Saltillo Annexation: Final 2021

The plan approved last week in Chancery Court dropped 100 acres from proposed annexation area 4 on the west side of the city.

SALTILLO • By the middle of November, the Saltillo city limits will officially grow by around 850 acres.

Only one landowner showed up at the Oct. 25 hearing in Lee County Chancery Court to protest his property being included in the city's annexation proposal. The city removed the man's land.

"The other areas were deemed reasonable by the court and the judge approved and ratified the proposal," said Saltillo city attorney Chris Evans. "We filed the order with the chancery clerk's office today (Wednesday). It will go into effect in 10 days."

City officials have been eying an expansion of its borders for several years. The former administration attempted to pick and choose prospective areas where land owners wanted to be in the city. That reduced the number of protests once the matter got before a judge for approval.

"We did try to work out as many kinks as possible on the front end," Evans said. "Both Tupelo and Guntown indicated prior to the hearing that they would not oppose (the proposed areas)."

In fact, when the case went before Chancery Judge Jacqueline Mask, only one person stood up in opposition. That man had two parcels, totaling about 100 acres, near the Ole South Plantation subdivision to the west of the city.

"He had one single-family dwelling that he was going to renovate. The rest was in farm land," Evans said. "He said he already had a water well and a septic tank, so he didn't need any city services."

After the 10-day period is up on Nov. 13, the annexation will be official. The chancery clerk will send a copy of the order to the Secretary of State's office and the city will file a new map showing the new municipal boundaries.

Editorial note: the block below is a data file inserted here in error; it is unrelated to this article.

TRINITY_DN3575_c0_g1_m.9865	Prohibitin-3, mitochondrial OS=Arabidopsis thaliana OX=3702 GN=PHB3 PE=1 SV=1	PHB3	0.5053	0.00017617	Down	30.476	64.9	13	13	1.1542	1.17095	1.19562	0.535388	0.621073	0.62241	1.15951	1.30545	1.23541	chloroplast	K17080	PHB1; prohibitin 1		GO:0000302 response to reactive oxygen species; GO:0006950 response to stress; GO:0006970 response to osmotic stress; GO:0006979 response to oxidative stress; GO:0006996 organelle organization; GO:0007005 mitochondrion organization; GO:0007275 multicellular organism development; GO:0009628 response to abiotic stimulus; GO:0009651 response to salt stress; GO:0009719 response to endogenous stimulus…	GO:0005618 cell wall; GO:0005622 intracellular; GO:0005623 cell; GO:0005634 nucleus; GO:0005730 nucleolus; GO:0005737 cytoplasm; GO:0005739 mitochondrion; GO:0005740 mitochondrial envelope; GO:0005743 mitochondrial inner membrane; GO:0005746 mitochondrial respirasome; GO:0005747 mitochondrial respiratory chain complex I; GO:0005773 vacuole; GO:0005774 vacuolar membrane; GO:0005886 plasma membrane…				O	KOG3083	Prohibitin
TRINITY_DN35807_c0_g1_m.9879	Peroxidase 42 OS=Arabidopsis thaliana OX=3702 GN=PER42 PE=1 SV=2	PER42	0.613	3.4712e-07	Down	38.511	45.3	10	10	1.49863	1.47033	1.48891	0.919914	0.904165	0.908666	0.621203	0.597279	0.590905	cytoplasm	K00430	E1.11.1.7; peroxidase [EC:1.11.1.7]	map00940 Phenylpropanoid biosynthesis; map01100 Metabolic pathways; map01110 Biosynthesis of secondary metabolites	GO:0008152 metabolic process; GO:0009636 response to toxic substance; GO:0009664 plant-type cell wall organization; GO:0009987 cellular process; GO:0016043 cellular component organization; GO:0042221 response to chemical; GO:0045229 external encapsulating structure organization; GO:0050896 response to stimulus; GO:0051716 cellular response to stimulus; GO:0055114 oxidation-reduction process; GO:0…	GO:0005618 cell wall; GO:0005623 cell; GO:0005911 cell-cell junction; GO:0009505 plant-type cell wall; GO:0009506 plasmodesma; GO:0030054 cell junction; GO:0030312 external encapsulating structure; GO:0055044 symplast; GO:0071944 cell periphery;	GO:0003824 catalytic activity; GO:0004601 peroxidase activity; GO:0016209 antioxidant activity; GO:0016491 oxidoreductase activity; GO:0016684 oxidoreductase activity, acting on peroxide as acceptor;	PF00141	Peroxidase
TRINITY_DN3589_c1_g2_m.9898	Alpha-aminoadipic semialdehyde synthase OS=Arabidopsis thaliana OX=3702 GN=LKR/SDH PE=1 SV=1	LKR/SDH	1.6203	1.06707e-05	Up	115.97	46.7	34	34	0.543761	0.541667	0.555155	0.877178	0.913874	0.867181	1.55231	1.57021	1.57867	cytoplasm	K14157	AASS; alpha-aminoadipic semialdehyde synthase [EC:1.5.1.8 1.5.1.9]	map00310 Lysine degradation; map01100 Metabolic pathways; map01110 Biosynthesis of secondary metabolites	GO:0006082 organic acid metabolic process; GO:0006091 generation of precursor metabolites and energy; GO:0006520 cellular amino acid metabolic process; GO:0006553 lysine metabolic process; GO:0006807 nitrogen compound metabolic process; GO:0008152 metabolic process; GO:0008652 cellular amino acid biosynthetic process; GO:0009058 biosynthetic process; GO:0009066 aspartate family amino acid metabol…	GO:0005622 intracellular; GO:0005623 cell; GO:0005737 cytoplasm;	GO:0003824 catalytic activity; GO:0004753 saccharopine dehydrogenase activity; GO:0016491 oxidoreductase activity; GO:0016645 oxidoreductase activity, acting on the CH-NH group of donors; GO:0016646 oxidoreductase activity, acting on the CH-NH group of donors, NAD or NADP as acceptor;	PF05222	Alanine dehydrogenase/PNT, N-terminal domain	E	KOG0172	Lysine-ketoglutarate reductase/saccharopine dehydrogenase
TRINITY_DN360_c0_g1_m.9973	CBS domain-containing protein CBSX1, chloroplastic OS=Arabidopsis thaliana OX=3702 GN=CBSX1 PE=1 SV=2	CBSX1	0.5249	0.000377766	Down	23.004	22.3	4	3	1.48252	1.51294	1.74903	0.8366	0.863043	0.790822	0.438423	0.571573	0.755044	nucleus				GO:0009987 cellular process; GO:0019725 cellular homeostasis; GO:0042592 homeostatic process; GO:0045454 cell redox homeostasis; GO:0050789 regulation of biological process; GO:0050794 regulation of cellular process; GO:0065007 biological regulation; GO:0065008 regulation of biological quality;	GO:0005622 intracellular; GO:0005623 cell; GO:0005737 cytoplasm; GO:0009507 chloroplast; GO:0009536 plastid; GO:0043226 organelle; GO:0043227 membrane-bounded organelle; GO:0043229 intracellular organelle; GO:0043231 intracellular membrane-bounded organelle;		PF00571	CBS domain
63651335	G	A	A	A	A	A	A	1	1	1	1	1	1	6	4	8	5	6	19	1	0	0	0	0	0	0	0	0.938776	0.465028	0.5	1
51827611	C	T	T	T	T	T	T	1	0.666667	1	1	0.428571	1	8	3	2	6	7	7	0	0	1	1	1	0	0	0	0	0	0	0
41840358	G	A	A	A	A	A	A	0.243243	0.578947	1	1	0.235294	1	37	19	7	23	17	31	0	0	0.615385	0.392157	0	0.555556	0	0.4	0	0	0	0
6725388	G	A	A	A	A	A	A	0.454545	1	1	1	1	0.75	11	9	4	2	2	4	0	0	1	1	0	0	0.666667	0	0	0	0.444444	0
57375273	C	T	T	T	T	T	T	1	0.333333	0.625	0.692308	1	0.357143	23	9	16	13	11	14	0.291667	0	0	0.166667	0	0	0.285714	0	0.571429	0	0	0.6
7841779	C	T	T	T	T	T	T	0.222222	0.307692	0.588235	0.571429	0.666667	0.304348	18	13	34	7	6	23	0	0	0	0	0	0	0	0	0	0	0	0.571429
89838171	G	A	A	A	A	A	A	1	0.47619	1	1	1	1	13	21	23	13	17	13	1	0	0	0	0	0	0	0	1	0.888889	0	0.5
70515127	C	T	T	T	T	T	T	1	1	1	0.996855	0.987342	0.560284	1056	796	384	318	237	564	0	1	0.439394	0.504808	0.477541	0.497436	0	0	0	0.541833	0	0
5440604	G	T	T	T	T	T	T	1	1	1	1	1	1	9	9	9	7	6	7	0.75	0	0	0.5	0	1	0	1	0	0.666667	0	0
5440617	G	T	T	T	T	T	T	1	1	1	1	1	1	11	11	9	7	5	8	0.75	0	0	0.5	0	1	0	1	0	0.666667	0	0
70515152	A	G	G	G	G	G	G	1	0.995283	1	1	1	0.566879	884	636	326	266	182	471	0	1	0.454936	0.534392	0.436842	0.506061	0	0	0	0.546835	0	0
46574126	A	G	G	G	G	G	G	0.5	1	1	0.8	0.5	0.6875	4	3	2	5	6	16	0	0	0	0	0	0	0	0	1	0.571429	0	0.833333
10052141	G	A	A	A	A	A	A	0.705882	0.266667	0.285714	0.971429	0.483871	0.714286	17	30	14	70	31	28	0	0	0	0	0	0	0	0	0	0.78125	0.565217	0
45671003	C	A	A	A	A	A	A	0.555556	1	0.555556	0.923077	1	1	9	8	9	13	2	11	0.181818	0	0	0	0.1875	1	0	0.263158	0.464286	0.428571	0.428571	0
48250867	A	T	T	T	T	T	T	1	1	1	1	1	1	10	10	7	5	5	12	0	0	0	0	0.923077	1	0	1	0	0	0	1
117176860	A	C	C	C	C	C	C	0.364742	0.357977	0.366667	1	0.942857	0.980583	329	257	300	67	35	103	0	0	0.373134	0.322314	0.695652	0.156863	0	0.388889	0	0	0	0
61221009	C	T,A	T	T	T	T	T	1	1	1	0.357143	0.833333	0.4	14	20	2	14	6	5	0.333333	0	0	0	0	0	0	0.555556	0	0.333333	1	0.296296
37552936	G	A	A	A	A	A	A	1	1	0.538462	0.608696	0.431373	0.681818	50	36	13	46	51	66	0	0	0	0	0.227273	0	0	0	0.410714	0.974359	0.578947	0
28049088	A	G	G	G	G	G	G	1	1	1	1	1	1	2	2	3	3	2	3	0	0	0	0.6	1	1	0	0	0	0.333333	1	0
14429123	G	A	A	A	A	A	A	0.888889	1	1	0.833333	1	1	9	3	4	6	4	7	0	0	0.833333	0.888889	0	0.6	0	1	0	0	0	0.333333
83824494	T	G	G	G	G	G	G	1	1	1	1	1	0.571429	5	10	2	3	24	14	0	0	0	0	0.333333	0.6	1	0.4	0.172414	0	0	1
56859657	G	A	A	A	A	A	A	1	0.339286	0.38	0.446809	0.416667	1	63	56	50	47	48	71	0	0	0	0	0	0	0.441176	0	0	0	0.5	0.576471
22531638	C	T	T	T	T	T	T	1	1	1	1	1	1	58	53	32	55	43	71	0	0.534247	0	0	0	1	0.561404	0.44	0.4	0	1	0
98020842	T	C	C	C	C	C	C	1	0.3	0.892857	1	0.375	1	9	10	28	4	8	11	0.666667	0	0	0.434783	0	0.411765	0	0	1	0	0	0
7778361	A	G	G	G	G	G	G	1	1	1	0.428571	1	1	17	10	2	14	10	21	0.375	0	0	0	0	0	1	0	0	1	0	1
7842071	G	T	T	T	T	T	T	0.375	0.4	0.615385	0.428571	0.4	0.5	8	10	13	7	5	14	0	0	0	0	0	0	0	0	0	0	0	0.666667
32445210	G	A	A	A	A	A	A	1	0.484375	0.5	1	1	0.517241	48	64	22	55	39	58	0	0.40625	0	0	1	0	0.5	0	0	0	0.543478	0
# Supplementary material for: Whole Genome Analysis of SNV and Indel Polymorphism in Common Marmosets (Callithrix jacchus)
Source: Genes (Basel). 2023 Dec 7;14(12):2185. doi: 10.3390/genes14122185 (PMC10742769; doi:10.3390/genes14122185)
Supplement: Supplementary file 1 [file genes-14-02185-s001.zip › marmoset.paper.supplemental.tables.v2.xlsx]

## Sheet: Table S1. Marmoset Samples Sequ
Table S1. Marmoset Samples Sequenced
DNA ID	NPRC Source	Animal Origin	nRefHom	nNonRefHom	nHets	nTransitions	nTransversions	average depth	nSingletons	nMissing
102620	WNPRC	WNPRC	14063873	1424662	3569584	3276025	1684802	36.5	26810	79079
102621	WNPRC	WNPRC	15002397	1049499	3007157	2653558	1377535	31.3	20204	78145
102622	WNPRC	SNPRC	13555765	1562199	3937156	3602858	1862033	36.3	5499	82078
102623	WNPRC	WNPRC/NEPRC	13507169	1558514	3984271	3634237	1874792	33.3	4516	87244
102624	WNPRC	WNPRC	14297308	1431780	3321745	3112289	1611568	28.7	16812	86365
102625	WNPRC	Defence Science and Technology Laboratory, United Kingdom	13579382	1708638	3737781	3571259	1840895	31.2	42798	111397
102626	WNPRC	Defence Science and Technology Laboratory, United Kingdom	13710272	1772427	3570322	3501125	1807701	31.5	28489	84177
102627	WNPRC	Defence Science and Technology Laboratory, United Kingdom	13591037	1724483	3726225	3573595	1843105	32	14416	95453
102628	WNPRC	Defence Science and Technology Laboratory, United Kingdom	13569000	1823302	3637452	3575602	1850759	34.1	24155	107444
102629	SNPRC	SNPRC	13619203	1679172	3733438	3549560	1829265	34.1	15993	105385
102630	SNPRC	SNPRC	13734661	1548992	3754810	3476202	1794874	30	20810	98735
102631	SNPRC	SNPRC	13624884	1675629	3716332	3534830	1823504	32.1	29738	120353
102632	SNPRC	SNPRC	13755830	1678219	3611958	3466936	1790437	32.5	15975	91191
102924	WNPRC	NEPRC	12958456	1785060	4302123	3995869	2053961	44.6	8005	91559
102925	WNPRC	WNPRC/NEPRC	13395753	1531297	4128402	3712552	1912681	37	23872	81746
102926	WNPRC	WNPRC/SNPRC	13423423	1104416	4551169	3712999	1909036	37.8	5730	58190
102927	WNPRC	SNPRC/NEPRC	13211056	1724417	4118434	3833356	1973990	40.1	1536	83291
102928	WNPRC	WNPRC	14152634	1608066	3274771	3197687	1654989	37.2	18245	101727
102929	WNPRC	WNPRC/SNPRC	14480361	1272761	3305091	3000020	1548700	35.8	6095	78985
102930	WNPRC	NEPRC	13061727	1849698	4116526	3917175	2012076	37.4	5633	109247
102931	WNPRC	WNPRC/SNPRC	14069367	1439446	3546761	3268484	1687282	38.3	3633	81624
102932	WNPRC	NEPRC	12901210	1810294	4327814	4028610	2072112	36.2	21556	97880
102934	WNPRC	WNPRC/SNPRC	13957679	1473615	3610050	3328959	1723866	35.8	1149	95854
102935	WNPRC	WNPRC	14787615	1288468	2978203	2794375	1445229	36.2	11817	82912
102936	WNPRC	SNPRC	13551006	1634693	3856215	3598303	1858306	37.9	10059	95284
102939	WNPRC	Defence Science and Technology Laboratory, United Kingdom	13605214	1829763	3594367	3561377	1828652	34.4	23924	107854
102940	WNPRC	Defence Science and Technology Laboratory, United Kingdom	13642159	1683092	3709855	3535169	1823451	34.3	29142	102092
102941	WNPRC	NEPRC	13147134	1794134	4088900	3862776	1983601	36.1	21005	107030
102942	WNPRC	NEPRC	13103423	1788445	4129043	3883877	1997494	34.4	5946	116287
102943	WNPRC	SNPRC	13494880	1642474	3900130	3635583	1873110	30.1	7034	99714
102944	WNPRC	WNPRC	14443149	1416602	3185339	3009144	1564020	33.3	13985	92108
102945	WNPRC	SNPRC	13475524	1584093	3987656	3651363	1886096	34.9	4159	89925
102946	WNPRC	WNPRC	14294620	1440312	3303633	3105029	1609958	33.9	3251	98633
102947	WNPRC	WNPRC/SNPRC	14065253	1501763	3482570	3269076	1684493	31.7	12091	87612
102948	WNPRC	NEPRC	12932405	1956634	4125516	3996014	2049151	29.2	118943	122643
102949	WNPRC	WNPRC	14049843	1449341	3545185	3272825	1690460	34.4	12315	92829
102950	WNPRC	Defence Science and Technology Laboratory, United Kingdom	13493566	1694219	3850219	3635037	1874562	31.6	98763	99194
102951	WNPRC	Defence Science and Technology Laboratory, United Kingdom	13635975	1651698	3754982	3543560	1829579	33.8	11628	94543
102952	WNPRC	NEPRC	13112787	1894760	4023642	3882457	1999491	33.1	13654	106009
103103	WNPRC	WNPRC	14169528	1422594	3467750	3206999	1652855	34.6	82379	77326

Following annexation, cities have to provide city services to the new areas within a reasonable amount of time. In Saltillo's case, there is little to do. Evans said the dozen houses included in the annexation "already have most of the city services, like water and sewer."

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The city will also begin providing fire and police protection to the new areas.

Saltillo has been looking at annexation for several years. The scope has steadily been pared down as residents and homeowners voiced opposition. Aldermen were looking at nine proposed areas covering around 1,460 acres in late 2020.

They removed a roughly 50-acre section between Highway 45 and Pull Tight Road before the annexation plan was first approved in December 2020 in a called special meeting. After the annexation plans were announced by the Daily Journal, additional opposition came forward.

In July, the board, which gained three new aldermen in last summer's election, removed 466 acres on the east side of the city, including the south half of Lake Lamar Bruce.

The 850-acre annexation approved by the court last week is more than 40% smaller than originally proposed.

With a population around 5,000, the city currently covers 5,285 acres, or 8.25 square miles. The annexation will increase the city's size by 16% to 9.59 square miles.

The seven annexation areas are, for the most part, large undeveloped stretches of unoccupied land. Three of the areas are along Highway 145. City leaders want to maintain and extend the commercial corridor and steer development away from light industrial and more toward commercial and retail.

This is Saltillo fourth annexation in the last 26 years. In 1995, the city took in 300 acres. It added another 500 acres in 1999. The most recent annexation was in 2005, when 237 acres west of town was brought into the city limits. That area became the Ole South Plantation subdivision.

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